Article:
Saturday, December 4

‘Looks like this has been closing in on us’: healthcare workers on easing Covid-19 restrictions

Some frontline doctors and nurses are concerned that easing of Covid-19 restrictions in Auckland will lead to more cases in the community.

A resident getting tested at a pop-up testing center in the southern Auckland suburb of Clover Park.

A resident getting tested at a pop-up testing center in Clover Park, an Auckland ‘suburb of interest’ where people are being asked to get tested for Covid-19.
Photo: THINGS / David White

The government has kept the city at alert level 3, but as of midnight tonight, two households of up to 10 people can meet in the open air, and further relaxation measures will follow over time.

Auckland GP Api Talemaitoga was caught off guard by the new socialization rule.

“I thought, wow, that’s great, if everyone is fully vaccinated,” Talemaitoga said.

“But as we know, with our low vaccination rates, it is just the potential to allow this virus to spread.

“It has shown us that if we give it the opportunity, it will spread.”

Talemaitoga was concerned about the effect of networking; that households could meet with one group one day and another the next, allowing the virus to move with them.

Intensive Care Society spokesman Andrew Stapleton said he was extremely nervous because vaccination rates were low.

The health system, particularly the intensive care system, was not prepared to deal with Covid-19 being widespread in the community, he said.

While the approach taken by the government was cautious, any sign that the country was opening up made it suspicious, he said.

“It feels like this is looming over us and with each announcement that means there is more Covid in the community before people are vaccinated, we become more concerned,” he said.

More needs to be done to hire nurses because without them there would not be enough intensive care capacity in a major outbreak, he said.

Auckland intensive care nurse and vice president of the College of Critical Care Nurses, Steve Kirby, had seen the impact of the virus firsthand.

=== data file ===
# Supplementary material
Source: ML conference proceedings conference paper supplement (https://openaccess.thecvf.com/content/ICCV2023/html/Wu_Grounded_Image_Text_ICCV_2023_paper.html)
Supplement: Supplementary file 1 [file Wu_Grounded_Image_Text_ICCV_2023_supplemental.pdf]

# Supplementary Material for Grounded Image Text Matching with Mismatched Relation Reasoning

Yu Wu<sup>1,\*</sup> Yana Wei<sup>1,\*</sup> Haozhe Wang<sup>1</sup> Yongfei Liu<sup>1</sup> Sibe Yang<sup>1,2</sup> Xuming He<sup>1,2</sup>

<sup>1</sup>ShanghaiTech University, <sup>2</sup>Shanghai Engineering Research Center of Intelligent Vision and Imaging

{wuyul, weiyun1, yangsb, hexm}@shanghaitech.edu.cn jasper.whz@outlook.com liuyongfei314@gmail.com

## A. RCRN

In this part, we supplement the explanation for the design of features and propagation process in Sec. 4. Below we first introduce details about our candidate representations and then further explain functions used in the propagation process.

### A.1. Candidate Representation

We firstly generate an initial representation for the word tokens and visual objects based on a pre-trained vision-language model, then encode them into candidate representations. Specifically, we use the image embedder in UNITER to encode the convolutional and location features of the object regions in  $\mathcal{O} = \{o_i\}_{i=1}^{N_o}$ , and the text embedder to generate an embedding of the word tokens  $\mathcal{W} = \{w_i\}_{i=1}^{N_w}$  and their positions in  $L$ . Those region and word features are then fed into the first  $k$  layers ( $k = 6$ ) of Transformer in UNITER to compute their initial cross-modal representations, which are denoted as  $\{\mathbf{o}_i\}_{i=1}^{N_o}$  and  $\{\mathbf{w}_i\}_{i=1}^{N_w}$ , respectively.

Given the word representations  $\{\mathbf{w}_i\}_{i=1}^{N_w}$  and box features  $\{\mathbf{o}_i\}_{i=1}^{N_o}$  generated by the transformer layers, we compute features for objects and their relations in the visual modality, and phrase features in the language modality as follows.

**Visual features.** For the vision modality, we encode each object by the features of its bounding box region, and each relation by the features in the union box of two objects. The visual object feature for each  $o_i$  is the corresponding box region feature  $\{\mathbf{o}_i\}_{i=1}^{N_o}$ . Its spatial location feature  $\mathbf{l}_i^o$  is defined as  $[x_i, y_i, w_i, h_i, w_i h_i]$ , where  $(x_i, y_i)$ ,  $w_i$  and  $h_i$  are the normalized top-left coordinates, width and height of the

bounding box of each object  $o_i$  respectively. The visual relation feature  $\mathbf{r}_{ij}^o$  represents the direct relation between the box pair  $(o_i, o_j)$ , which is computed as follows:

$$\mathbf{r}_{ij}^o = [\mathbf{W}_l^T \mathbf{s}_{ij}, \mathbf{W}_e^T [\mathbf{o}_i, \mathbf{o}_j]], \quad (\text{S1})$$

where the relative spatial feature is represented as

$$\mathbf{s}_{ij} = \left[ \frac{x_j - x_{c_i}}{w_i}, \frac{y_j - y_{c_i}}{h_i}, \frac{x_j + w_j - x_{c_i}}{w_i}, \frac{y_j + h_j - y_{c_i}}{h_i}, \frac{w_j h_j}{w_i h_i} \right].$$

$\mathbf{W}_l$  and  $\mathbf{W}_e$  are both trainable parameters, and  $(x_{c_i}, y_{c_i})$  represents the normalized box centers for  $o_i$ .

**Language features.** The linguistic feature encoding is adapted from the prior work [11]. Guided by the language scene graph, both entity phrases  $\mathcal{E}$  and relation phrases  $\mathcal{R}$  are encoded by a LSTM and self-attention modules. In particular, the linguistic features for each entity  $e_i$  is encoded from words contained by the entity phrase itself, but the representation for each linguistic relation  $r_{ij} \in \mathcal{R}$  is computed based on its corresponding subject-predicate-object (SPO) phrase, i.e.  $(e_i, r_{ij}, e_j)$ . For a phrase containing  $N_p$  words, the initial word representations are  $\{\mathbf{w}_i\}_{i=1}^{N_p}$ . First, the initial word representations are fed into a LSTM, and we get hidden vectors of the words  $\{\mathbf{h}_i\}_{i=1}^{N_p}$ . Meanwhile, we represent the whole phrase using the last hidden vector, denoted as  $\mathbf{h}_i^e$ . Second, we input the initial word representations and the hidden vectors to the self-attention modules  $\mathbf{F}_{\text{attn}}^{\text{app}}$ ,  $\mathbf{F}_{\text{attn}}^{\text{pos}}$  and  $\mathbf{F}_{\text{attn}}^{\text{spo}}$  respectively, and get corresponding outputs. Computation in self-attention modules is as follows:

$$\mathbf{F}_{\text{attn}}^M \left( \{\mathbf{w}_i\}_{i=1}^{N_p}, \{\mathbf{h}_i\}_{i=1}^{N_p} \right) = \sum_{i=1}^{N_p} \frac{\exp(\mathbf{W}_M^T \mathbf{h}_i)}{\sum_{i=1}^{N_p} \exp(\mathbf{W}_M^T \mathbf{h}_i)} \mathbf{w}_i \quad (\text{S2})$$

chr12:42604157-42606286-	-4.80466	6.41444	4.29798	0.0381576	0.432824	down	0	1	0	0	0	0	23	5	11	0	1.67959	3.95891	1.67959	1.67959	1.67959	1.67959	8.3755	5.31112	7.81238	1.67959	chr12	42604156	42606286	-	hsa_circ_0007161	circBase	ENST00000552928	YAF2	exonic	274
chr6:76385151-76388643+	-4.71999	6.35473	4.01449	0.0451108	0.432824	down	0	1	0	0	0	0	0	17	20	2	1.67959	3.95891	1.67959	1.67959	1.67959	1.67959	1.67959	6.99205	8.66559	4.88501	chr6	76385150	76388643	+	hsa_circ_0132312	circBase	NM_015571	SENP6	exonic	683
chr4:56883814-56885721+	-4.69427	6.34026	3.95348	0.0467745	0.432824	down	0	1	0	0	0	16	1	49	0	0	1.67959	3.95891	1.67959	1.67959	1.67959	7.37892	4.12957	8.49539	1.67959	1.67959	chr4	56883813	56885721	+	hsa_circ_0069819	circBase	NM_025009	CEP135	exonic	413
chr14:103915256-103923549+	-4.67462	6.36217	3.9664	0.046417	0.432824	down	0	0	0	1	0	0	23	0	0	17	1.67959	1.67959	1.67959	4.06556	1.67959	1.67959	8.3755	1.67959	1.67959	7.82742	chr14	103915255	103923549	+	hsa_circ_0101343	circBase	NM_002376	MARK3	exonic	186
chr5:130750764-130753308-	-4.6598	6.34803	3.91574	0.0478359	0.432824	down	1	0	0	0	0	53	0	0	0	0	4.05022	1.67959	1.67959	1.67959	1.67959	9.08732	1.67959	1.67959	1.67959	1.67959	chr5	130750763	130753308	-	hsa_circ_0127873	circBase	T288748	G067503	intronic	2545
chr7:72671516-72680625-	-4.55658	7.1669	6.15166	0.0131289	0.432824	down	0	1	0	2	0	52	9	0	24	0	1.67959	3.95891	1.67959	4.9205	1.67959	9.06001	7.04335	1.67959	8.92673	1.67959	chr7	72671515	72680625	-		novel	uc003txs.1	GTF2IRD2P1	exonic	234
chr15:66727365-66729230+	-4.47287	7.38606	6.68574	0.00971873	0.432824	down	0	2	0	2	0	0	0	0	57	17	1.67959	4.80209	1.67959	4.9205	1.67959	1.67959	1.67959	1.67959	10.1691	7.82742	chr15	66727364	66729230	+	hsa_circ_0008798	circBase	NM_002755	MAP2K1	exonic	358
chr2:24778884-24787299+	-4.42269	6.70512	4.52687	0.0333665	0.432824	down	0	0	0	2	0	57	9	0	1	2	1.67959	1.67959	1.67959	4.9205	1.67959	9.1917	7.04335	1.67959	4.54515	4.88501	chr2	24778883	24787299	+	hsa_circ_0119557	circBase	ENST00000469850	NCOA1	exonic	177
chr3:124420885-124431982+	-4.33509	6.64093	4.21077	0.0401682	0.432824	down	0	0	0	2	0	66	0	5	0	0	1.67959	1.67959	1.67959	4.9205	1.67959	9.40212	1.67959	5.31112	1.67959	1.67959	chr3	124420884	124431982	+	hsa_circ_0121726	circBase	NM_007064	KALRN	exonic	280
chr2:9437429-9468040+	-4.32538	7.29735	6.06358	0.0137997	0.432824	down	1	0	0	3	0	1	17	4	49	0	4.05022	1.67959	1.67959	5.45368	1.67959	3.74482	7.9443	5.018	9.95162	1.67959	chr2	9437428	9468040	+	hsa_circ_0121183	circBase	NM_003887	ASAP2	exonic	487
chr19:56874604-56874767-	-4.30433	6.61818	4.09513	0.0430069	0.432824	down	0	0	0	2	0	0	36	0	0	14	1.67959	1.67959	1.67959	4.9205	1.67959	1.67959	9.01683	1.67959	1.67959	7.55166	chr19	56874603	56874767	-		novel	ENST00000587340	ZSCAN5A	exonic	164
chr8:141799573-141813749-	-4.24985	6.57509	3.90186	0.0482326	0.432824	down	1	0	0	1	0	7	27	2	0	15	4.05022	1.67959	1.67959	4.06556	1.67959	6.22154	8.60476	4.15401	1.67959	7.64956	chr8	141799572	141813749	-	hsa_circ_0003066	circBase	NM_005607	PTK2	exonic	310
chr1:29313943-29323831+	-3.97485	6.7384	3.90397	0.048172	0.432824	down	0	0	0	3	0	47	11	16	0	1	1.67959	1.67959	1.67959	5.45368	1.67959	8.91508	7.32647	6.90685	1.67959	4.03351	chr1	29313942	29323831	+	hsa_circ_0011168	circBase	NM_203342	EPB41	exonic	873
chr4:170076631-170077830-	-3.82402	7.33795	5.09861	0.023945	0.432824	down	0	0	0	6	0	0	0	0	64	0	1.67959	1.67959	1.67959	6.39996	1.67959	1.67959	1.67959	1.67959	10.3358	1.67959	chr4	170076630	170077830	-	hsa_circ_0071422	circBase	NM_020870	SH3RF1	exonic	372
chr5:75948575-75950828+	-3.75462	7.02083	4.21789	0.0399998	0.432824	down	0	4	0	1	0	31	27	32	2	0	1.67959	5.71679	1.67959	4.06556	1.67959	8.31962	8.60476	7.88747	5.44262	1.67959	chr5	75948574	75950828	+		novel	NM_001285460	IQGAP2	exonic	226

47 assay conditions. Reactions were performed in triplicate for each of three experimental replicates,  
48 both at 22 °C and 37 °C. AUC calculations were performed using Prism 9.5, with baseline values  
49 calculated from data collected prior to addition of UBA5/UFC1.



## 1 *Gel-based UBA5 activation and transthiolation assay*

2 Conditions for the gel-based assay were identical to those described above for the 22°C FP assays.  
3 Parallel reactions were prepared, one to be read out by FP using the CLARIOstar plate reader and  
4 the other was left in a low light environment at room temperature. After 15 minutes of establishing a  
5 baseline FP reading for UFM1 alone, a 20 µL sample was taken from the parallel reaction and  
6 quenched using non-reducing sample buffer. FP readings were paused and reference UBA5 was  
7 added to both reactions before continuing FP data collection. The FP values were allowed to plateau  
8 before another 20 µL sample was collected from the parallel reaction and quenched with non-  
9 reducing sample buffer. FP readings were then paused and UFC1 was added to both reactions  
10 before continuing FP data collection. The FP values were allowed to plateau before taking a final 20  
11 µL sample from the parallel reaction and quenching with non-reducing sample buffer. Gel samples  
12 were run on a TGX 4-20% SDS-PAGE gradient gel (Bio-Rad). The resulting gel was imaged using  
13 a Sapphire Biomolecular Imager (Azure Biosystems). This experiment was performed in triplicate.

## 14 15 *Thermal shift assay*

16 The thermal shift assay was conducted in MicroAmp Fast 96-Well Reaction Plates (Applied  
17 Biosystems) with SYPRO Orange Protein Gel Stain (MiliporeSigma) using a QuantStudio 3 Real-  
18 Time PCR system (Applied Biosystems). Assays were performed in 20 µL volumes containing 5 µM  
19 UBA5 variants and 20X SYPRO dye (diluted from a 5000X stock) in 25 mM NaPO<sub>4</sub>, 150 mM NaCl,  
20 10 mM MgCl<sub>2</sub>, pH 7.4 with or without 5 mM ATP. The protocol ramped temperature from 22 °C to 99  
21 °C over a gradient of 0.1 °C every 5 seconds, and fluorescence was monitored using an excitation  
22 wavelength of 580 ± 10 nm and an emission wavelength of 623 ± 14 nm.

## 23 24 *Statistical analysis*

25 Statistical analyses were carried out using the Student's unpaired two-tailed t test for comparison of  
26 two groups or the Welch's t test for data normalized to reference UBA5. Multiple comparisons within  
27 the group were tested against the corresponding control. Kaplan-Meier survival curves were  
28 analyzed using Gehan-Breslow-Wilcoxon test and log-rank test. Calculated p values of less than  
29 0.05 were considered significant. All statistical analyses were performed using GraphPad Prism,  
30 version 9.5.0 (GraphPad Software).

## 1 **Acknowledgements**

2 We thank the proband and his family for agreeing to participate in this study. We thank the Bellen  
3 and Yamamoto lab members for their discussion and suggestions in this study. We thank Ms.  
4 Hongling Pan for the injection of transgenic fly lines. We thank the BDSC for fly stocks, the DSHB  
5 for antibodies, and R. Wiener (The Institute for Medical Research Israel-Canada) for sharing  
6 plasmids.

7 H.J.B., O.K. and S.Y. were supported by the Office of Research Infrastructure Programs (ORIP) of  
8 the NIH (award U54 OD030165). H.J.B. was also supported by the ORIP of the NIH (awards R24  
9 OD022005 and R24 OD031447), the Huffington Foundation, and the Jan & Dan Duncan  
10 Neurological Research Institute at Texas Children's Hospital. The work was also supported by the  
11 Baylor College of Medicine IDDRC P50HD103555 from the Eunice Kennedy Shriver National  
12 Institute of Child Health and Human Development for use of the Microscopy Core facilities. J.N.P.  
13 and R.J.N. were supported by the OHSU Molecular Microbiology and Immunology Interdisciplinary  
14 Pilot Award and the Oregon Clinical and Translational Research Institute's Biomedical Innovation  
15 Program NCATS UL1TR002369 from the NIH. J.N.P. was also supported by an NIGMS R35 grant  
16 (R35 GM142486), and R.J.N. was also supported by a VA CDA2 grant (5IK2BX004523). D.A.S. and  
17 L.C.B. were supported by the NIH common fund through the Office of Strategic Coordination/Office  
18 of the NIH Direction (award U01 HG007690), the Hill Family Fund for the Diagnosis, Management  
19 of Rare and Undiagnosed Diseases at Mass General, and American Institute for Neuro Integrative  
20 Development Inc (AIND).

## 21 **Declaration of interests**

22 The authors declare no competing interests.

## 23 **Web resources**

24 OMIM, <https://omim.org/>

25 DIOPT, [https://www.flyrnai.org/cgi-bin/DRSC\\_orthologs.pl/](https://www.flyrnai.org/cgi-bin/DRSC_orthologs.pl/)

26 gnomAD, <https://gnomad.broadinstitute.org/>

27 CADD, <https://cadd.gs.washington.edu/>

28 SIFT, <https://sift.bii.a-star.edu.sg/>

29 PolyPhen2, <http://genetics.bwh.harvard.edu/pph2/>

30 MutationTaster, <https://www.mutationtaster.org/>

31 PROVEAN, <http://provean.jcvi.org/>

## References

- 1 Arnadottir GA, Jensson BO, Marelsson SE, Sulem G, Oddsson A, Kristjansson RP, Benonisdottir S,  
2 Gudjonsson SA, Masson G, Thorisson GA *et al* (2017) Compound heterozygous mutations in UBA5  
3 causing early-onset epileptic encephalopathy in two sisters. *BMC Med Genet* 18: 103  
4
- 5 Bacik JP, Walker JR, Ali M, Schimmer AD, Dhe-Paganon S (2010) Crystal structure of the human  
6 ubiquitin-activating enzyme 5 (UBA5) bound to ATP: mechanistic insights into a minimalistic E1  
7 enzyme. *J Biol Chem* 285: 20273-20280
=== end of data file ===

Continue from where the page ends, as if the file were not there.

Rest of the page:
“Many of my colleagues are feeling the stress and anxiety of the outbreak, as well as the constant pressure on the system,” he said.

He urged a cautious approach to the greater openness that the government had signaled, checking at every step that the health system could cope.

Talemaitoga wanted each opening stage to come with established vaccination goals; if the goal was reached, the restrictions would be eased.

The government should have pushed harder to vaccinate more people in the confinement, and must do more now, he said.

But easing the restrictions would have some benefits: He saw patients struggling in confinement every day, and the changes could help his mental health, Talemaitoga said.

Turuki Health CEO Te Puea Winiata was relieved that the government kept Auckland at alert level 3.

Allowing people to gather in a measured way in outdoor settings would help them get used to the careful socialization that would be the norm when Covid-19 was finally in the community, he said.

Now a dedicated and methodical approach was needed to vaccinate Auckland residents, particularly Maori, who had lower rates.

Even initiatives that only reached a few people paid off because everyone counted, he said.

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